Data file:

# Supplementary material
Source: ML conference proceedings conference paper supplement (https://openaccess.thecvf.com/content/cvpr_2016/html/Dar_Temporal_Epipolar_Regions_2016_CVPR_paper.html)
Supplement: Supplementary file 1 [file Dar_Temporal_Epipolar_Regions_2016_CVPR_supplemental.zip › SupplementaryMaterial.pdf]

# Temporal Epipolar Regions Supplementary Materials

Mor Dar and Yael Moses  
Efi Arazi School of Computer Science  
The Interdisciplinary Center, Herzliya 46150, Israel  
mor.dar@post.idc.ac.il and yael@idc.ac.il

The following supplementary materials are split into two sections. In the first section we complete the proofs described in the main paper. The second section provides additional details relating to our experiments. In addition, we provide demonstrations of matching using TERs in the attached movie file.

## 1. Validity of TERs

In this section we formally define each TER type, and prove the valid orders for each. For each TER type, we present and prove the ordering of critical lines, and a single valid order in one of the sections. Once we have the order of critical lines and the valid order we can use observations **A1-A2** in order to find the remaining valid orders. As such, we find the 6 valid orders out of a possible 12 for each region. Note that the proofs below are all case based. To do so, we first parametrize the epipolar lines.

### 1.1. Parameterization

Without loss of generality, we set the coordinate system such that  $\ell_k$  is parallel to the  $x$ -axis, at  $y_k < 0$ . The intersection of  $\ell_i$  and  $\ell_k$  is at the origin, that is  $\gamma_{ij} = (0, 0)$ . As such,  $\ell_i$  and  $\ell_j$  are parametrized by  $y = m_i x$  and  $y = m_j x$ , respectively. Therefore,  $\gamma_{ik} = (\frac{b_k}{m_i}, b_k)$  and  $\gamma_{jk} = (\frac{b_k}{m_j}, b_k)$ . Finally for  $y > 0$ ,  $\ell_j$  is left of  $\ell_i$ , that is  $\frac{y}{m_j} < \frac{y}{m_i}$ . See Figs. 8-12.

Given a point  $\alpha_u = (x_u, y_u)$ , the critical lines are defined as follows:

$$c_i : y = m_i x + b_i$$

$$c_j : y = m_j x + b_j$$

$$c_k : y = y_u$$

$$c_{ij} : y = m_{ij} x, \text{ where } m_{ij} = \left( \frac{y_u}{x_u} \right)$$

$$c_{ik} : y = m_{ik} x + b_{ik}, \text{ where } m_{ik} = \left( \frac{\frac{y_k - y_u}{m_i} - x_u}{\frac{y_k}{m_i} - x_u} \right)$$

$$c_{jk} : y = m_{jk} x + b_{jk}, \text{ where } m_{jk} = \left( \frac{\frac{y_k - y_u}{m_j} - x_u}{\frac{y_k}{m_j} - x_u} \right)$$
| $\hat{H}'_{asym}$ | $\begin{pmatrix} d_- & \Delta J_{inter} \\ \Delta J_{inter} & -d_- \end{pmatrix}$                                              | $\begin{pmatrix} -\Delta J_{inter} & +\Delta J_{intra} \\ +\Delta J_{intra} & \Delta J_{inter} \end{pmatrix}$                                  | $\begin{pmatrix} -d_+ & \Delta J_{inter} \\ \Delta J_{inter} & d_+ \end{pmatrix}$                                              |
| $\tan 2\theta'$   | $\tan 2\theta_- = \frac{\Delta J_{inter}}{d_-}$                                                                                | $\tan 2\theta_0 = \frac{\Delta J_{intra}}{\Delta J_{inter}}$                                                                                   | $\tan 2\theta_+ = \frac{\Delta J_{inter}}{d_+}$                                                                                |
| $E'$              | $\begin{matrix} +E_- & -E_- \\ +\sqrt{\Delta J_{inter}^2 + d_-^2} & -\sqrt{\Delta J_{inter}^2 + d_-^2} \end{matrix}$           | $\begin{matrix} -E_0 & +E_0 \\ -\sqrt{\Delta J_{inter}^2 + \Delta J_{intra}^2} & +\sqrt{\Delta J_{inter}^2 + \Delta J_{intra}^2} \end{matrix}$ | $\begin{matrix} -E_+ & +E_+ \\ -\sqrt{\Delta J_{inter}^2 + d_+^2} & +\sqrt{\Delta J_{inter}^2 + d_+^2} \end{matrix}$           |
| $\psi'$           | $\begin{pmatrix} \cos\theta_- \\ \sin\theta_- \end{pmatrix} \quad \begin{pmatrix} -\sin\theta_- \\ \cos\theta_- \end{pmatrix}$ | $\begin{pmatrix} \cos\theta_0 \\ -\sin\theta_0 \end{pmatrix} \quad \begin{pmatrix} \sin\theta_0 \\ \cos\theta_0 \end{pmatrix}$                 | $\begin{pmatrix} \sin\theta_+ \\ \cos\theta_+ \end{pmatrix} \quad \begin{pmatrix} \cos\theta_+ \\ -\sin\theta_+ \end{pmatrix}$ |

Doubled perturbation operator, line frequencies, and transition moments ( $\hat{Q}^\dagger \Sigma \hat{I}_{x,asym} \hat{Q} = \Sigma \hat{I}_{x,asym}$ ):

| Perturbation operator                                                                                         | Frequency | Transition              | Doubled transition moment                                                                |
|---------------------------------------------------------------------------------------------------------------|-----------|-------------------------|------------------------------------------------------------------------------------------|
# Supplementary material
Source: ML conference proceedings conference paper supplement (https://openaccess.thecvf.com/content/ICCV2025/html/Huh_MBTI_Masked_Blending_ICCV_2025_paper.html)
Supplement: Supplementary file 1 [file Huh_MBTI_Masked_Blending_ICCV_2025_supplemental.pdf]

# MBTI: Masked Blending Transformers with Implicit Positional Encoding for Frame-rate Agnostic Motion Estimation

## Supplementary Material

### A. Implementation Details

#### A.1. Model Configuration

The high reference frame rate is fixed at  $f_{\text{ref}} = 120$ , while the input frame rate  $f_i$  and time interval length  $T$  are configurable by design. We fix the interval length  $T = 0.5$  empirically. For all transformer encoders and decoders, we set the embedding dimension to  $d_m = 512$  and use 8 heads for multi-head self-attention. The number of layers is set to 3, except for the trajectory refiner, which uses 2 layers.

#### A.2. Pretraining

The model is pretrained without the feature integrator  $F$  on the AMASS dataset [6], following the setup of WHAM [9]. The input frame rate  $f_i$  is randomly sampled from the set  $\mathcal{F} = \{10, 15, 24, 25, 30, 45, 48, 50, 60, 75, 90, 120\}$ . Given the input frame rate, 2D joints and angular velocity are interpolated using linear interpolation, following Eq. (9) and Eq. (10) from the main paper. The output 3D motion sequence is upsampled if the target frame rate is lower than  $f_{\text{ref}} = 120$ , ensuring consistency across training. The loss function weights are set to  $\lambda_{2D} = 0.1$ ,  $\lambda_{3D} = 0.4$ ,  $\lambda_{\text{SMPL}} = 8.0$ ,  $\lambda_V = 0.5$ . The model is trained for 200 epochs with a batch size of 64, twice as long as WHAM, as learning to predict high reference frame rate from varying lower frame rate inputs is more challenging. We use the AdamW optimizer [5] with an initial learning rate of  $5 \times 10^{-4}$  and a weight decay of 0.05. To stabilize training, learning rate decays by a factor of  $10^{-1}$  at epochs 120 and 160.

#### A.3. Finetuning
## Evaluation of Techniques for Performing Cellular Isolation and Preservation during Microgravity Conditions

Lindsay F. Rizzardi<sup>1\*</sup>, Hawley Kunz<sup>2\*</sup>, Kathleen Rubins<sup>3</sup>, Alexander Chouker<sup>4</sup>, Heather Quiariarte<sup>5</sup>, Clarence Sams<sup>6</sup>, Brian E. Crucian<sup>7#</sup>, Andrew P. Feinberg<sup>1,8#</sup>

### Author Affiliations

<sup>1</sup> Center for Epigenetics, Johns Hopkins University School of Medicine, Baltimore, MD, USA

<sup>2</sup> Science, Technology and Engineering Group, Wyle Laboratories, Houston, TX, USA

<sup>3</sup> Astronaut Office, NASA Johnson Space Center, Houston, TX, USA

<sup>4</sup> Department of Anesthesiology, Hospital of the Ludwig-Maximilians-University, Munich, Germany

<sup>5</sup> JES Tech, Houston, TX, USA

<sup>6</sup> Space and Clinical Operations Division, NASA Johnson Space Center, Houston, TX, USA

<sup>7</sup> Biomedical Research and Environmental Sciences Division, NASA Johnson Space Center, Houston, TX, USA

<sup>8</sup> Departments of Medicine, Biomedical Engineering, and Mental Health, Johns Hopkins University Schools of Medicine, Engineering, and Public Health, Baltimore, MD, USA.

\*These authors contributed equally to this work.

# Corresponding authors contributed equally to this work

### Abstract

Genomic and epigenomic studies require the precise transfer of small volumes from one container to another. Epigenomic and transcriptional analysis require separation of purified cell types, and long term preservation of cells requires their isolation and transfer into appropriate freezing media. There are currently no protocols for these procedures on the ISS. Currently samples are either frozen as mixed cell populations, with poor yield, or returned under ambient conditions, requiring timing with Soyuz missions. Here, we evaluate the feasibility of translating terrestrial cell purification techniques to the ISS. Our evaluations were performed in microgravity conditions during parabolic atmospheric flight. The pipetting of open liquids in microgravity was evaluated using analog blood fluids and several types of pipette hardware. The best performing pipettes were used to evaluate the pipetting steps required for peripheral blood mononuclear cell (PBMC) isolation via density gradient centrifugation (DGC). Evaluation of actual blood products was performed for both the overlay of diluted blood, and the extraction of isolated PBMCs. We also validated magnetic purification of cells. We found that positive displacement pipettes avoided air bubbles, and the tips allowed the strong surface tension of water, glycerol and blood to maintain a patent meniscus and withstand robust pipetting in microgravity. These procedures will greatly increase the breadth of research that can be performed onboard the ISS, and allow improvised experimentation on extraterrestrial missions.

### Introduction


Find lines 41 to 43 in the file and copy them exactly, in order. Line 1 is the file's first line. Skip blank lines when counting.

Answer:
### Author Affiliations

<sup>1</sup> Center for Epigenetics, Johns Hopkins University School of Medicine, Baltimore, MD, USA

<sup>2</sup> Science, Technology and Engineering Group, Wyle Laboratories, Houston, TX, USA